Poland is a nation with a distinct language, culture, and location, and an utter lack of defensible borders. As a result, European history features the periodic appearance, flowering, defeat, enslavement, relocation and sometimes erasure of the Polish state. No one is more aware of this than the Poles, many of whom are old enough to remember their last period of de facto slavery, under the Russians from 1945-89; and some of whom remember the enslavement before that, under the Nazis.
If you can know something of a nation by its enemies, the Poles, unwilling doormat and unruly subjects of kings, emperors, Reichsprotektors and commissars, must count among the greatest of the races of man.
No one in Poland is under any illusions about the intentions of Vladimir Putin vis-a-vis their nation, nor about the degree to which the West will sacrifice on their behalf. And they’re very attuned to being expended as a bargaining chip — which their top papers think that Barack Obama, breathlessly eager to ingratiate himself with Putin, is doing.
Fakt.pl (“Fact”) says (our translation):
At a meeting with Dimitry Medvedev, President Barack Obama — not knowing that the conversation could be overheard — begged the Russian president to “give him room” on the american missile defense system, which the Russians oppose.
Handlowali Polską? Zagadkowa rozmowa Obamy z Miedwiediewem tarcza antyrakietowa – Fakt.pl.
“Did they sell out Poland” was their headline before it was ours. And the Gazeta (“Gazette,” in the bad old days the “Workers’ Gazette”) had a similar report (our translation again):
At a meeting with Dimitry Medvedev, Barack Obama begged the Russian president to “give him room” on the decision about the American missile defense system in Europe, which the Russians oppose. Both didn’t know that the conversation was overheard — and the video was released by the American media.
Both reports were featured on the splash page, above the “fold” of the newspapers’ websites, the cyber equivalent of a Page 1 story. Fakt included a classic Obama image: strutting by a Polish guard of honor, nose in the air. It’s likely that the Poles (and Czechs, and Balts, etc…) didn’t trust this Administration very much already, but the work of American diplomats in the region just got a good bit harder, and any trust these nations had in the USA just evaporated.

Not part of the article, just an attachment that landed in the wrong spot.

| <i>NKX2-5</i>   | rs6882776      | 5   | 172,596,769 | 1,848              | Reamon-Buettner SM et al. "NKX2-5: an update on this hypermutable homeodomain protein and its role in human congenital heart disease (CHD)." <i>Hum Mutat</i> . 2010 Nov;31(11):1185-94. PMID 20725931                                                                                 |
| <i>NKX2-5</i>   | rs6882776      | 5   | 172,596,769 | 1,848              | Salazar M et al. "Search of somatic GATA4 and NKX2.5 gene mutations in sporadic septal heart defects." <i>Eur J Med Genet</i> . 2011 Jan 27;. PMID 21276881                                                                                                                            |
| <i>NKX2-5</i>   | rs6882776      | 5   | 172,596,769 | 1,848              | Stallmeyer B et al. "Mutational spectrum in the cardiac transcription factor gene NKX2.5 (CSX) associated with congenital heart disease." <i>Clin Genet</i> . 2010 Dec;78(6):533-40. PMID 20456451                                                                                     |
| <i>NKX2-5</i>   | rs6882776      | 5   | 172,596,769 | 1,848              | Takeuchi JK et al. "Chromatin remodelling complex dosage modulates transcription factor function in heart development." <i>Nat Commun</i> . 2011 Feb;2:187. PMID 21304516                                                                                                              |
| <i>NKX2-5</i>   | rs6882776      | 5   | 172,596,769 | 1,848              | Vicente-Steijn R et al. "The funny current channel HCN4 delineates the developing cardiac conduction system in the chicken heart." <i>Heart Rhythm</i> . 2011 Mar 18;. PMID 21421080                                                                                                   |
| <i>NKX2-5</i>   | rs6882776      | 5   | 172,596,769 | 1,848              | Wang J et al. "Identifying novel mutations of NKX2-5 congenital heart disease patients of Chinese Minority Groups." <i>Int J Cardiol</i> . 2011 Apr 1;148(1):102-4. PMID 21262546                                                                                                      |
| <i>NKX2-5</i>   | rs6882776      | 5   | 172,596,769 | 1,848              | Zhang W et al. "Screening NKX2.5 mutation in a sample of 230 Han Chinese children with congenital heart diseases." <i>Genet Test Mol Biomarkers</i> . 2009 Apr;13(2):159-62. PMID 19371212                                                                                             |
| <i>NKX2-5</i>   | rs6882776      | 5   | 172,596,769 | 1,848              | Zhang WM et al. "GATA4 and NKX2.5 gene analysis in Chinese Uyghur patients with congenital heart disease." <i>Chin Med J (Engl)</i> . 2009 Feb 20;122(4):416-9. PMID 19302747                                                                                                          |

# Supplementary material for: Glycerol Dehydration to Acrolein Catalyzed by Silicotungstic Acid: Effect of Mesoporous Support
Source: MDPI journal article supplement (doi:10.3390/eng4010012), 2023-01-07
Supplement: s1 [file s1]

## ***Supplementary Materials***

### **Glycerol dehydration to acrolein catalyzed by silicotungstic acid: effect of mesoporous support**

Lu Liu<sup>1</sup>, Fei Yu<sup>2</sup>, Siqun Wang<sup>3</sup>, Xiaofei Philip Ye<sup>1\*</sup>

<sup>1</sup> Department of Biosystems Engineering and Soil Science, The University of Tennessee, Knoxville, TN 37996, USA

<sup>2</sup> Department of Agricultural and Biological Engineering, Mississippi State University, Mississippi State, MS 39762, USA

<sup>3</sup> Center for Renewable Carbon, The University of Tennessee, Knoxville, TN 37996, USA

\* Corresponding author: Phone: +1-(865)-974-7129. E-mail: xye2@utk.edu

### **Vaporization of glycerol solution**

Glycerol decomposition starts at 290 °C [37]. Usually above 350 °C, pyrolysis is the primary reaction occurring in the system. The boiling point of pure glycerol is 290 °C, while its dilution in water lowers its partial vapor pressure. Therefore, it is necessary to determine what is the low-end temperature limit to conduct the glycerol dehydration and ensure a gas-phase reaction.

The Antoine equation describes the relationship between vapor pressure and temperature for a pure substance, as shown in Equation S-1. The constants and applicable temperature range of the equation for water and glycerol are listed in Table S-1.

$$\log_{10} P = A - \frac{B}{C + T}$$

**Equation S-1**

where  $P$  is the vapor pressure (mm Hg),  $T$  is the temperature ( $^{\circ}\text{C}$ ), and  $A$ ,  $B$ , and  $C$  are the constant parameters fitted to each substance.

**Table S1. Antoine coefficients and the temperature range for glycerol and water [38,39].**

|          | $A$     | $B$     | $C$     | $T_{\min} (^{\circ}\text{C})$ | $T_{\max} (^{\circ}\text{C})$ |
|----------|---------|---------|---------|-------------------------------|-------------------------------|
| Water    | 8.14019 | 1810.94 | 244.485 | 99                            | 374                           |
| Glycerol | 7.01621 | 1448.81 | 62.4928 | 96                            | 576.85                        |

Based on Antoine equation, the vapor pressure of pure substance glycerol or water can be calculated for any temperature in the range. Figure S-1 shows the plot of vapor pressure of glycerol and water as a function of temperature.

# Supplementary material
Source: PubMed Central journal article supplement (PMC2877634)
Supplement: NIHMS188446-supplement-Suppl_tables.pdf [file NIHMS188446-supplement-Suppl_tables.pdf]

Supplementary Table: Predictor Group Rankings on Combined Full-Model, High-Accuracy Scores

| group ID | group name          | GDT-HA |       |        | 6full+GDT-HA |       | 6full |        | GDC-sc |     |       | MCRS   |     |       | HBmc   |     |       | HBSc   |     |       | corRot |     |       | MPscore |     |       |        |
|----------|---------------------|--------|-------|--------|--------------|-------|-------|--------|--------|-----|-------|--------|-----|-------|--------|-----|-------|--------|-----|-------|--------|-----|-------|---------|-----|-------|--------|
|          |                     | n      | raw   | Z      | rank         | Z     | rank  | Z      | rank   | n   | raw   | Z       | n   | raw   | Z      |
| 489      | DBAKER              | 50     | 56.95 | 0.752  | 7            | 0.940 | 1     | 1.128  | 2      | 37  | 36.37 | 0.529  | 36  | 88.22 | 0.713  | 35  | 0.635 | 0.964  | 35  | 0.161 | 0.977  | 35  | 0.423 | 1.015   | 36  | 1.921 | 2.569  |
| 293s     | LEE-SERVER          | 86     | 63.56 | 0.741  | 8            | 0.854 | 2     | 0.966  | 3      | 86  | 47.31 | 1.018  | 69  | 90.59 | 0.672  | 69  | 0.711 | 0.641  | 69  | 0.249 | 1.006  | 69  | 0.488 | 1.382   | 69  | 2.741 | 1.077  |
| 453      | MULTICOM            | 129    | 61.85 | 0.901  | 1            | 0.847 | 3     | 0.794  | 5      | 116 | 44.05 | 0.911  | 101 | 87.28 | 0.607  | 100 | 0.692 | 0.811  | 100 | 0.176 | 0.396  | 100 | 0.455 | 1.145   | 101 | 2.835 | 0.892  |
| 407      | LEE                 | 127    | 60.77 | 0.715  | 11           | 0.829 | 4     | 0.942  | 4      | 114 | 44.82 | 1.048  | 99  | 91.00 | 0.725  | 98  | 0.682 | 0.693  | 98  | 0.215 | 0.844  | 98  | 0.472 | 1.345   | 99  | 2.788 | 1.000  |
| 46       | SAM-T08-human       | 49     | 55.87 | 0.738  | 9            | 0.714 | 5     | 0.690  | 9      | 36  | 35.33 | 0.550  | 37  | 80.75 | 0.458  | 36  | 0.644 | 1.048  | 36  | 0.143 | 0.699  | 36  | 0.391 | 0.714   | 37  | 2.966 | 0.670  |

While the Poles may not be buying it, US media figures like ABC News’s Jake Tapper were quick to type up the administration’s spin (and Tapper’s report also transcribes the Obama-Medvedev exchange). Part of Tapper’s job, after all, but the Poles aren’t buying what the White House is selling. Nor are the other Eastern European allies, already experienced with Obama’s double-talk on defense.
The English words alone don’t convey the connotation of the Polish word choices. The Poles understand exactly what happened at the meeting — they are playing the role of Eduard Benes in 1938, and Obama is on his knees in the role of Chamberlain — if not that of Benedict Arnold.
We’re reminded of a Polish friend, whose would answer any Polish joke with a barrage of abstruse academic po-polski. “Did you get that? No? Well, how does it feel to be dumber than a Polack? Bwahahahaha!” If anyone at the EOB, Pentagon or Foggy Bottom thinks they’re trusted in Warsaw, Prague, Bratislava, Talinn, Vilnius… etc., etc.,
One by one, the rubes are waking up. The only ones left at the table are a subset of Americans. And if you’re dealt into the game, and you don’t know who the mark is… it’s you.
Kevin was a former Special Forces weapons man (MOS 18B, before the 18 series, 11B with Skill Qualification Indicator of S). His focus was on weapons: their history, effects and employment. He started WeaponsMan.com in 2011 and operated it until he passed away in 2017. His work is being preserved here at the request of his family.
2 thoughts on “Handlowali Polską? Trans.: “Did they sell out Poland?””
Interesting story, and I agree one can make some ominous assumptions. Do foreign policy types (ie. you guys) beleive Putin is actually intent on expanding Russian territory by invading eastern european states? Put another way, is it beleived that expansion is part of Putins vision for Russia?
Ryan — I do not think that Putin wants to rule, say, Poland or Hungary, but he would like them out of NATO and more cowed by Russia. I think that the “independence” of any of the former 15 Soviet Republics (including such rebels as Georgia, Lithuania, Latvia and Estonia as well as others that are closer to Moscow politically) doesn’t sit well with Russian nationalists. They see the “near abroad” as possessions, full stop. Putin is at his core a Russian nationalist, in my personal opinion. But he represents the emotions of many Russians… it is a mistake to think (as the US media seems to) that he is broadly unpopular at home. The “people like us” that Western reporters gravitate to may or may not be representative of a general population… but they will project their feelings and politics onto those nations regardless. Example: Egypt.